Psyllium should be taken in the recommended amount and mixed with an adequate amount of water or it may lead to constipation and possibly even cause choking, intestinal obstruction, or bezoar (a solid mass of fiber in the digestive tract). Starting slowly with a small dose is recommended to give the digestive system time to adjust to the increased fiber. Side effects can include gas, bloating, diarrhea, and constipation. Allergic reactions have also been reported.

Psyllium shouldn't be taken by people with bowel obstructions or spasms, difficulty swallowing, or a narrowing or obstruction anywhere in the digestive tract. People with kidney disease and those who are taking certain medications may not be able to take psyllium supplements. 

If you have a new or persistent change in your bowel habits, be sure to consult your doctor. If you have a health condition that requires treatment (such as diabetes or heart disease), talk with your doctor if you're interested in psyllium rather than forgoing or delaying standard care. Also, if you have been prescribed medication, never discontinue taking it without your physician's OK. You can get further tips on using supplements here.

The Takeaway

Although psyllium may be helpful in treating certain types of occasional constipation and may have benefits when taken for other conditions, it is best used in combination with other treatments and preventative strategies that may include diet, lifestyle changes, and medication. 

If you're looking to boost your soluble fiber intake, try incorporating fiber-rich foods such as steel-cut oatmeal, hummus, lentil soup, bean burgers, and other legume dishes, nuts, seeds, citrus fruit, apples, grapes, strawberries, eggplant, and artichokes.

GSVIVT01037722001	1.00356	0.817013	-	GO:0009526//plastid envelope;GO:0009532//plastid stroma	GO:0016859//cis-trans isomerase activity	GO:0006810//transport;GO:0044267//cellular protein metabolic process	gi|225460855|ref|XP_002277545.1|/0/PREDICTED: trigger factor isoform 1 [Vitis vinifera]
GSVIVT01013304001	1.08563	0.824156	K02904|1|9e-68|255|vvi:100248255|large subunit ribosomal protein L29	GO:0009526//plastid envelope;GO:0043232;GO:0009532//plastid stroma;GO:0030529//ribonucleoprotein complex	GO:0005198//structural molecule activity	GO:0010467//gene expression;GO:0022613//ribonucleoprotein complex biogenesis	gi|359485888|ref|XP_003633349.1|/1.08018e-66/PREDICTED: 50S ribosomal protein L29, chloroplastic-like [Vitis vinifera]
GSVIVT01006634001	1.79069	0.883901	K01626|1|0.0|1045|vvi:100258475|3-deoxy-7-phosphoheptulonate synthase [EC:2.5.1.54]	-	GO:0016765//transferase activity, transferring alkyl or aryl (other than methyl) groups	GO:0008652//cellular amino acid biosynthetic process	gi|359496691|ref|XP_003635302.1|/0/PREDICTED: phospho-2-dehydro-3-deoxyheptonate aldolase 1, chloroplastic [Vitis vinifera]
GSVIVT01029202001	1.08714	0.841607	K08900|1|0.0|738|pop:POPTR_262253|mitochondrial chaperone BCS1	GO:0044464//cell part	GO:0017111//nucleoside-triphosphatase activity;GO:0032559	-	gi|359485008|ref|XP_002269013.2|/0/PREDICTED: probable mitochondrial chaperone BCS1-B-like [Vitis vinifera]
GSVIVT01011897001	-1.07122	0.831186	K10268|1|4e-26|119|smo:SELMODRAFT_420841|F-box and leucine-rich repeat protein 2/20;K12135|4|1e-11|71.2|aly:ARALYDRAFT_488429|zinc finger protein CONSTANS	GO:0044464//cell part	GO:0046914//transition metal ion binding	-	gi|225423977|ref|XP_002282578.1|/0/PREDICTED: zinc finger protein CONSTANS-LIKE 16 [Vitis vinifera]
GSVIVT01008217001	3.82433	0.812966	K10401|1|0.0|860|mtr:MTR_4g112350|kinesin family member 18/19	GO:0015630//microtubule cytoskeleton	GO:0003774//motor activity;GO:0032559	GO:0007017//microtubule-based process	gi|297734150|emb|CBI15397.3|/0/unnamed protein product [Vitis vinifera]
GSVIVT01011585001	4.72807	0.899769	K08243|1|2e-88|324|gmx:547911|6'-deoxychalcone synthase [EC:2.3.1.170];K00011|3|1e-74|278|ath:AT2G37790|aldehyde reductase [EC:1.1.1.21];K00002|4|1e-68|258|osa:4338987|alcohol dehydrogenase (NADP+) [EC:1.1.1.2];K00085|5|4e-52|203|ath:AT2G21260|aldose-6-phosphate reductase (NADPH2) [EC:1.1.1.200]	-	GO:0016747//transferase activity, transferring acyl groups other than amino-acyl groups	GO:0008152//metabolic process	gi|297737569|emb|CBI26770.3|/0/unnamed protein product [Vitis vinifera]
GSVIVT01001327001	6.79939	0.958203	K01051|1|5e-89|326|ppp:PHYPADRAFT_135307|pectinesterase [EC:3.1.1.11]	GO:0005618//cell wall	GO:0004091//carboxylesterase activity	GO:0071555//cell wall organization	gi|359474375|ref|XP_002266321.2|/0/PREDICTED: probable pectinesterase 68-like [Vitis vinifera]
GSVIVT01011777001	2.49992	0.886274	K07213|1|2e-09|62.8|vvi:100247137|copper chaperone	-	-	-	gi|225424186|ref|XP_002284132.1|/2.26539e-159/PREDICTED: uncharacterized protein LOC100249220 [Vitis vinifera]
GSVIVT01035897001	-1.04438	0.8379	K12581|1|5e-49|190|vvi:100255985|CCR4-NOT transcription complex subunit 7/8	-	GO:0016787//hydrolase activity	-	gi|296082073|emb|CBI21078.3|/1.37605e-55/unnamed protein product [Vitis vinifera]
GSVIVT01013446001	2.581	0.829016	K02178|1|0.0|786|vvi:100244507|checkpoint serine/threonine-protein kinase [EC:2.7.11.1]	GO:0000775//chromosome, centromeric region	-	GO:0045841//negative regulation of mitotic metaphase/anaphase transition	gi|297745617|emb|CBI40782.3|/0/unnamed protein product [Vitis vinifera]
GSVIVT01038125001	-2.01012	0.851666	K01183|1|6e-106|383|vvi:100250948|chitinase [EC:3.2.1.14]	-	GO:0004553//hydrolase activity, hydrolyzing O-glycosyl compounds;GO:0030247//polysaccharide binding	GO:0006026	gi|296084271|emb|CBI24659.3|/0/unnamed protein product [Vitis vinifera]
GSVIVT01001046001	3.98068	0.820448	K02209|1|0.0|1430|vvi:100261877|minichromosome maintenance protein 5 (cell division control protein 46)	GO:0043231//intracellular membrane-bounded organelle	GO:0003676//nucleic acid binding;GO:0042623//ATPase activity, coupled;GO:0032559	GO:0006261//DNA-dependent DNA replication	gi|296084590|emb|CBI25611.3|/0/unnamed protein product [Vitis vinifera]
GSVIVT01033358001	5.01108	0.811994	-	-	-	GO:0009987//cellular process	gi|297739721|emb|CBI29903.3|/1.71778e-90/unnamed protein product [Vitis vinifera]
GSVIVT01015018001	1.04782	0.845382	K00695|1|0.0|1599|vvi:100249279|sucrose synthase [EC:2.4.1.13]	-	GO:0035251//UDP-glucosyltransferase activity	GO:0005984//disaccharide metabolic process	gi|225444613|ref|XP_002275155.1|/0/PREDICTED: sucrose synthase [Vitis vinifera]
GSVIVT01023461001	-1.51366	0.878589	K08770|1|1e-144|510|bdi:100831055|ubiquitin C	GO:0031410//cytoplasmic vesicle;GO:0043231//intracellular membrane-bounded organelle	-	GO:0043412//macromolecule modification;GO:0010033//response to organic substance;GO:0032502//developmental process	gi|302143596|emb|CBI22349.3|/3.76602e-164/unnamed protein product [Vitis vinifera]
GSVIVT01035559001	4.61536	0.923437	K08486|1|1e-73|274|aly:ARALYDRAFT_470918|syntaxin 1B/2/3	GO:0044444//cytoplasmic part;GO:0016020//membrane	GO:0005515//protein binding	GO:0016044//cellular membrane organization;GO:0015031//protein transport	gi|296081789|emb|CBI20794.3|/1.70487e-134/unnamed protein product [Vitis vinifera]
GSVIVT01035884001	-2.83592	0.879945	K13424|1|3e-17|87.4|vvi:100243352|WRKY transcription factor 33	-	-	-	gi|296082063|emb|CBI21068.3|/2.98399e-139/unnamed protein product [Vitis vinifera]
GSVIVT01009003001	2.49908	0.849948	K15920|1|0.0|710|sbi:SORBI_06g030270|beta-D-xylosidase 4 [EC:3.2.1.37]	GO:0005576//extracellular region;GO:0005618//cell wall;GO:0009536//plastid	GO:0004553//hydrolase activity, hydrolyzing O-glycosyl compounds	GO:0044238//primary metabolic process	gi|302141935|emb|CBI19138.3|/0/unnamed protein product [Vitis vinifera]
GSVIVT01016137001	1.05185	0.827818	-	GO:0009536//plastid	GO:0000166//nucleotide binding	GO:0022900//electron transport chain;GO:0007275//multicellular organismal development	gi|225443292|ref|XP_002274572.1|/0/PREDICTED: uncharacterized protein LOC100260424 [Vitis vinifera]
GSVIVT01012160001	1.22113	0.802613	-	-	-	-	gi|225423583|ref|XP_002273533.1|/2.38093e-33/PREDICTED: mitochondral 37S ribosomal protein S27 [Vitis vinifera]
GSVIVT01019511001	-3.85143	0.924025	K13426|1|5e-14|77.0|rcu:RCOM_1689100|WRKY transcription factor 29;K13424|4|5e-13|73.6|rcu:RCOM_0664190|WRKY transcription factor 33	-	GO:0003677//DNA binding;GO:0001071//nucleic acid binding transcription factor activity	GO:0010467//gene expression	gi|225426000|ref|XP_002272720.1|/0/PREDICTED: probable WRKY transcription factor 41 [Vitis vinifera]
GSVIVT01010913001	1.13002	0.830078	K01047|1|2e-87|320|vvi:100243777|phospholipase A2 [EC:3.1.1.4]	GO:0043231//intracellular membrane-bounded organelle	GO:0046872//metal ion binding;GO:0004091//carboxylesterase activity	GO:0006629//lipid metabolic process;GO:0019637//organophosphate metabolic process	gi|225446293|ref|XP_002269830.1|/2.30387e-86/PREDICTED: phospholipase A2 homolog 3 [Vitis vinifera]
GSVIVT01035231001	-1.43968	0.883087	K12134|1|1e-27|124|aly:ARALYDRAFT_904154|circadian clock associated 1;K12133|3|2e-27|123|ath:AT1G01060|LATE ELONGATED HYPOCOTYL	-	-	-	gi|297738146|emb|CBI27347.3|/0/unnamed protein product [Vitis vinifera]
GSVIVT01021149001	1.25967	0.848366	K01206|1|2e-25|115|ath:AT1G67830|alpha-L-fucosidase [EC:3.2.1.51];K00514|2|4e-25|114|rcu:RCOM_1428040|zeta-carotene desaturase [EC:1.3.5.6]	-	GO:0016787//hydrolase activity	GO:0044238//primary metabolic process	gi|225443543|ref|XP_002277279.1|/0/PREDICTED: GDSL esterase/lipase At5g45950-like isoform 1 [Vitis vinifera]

Related: The Soluble-Fiber Benefits of Acacia 

Sources:

Gibb RD, McRorie JW Jr, Russell DA, Hasselblad V, D'Alessio DA. Psyllium fiber improves glycemic control proportional to loss of glycemic control: a meta-analysis of data in euglycemic subjects, patients at risk of type 2 diabetes mellitus, and patients being treated for type 2 diabetes mellitus. Am J Clin Nutr. 2015 Dec;102(6):1604-14.

Pal S, Khossousi A, Binns C, Dhaliwal S, Ellis V. The effect of a fibre supplement compared to a healthy diet on body composition, lipids, glucose, insulin and other metabolic syndrome risk factors in overweight and obese individuals. Br J Nutr. 2011 Jan;105(1):90-100. 

Sartore G, Reitano R, Barison A, et al. The effects of psyllium on lipoproteins in type II diabetic patients. Eur J Clin Nutr. 2009 Oct;63(10):1269-71.

Yang J, Wang HP, Zhou L, Xu CF. Effect of dietary fiber on constipation: a meta analysis. World J Gastroenterol. 2012 Dec 28;18(48):7378-83. 

Disclaimer: The information contained on this site is intended for educational purposes only and is not a substitute for advice, diagnosis or treatment by a licensed physician. It is not meant to cover all possible precautions, drug interactions, circumstances or adverse effects. You should seek prompt medical care for any health issues and consult your doctor before using alternative medicine or making a change to your regimen.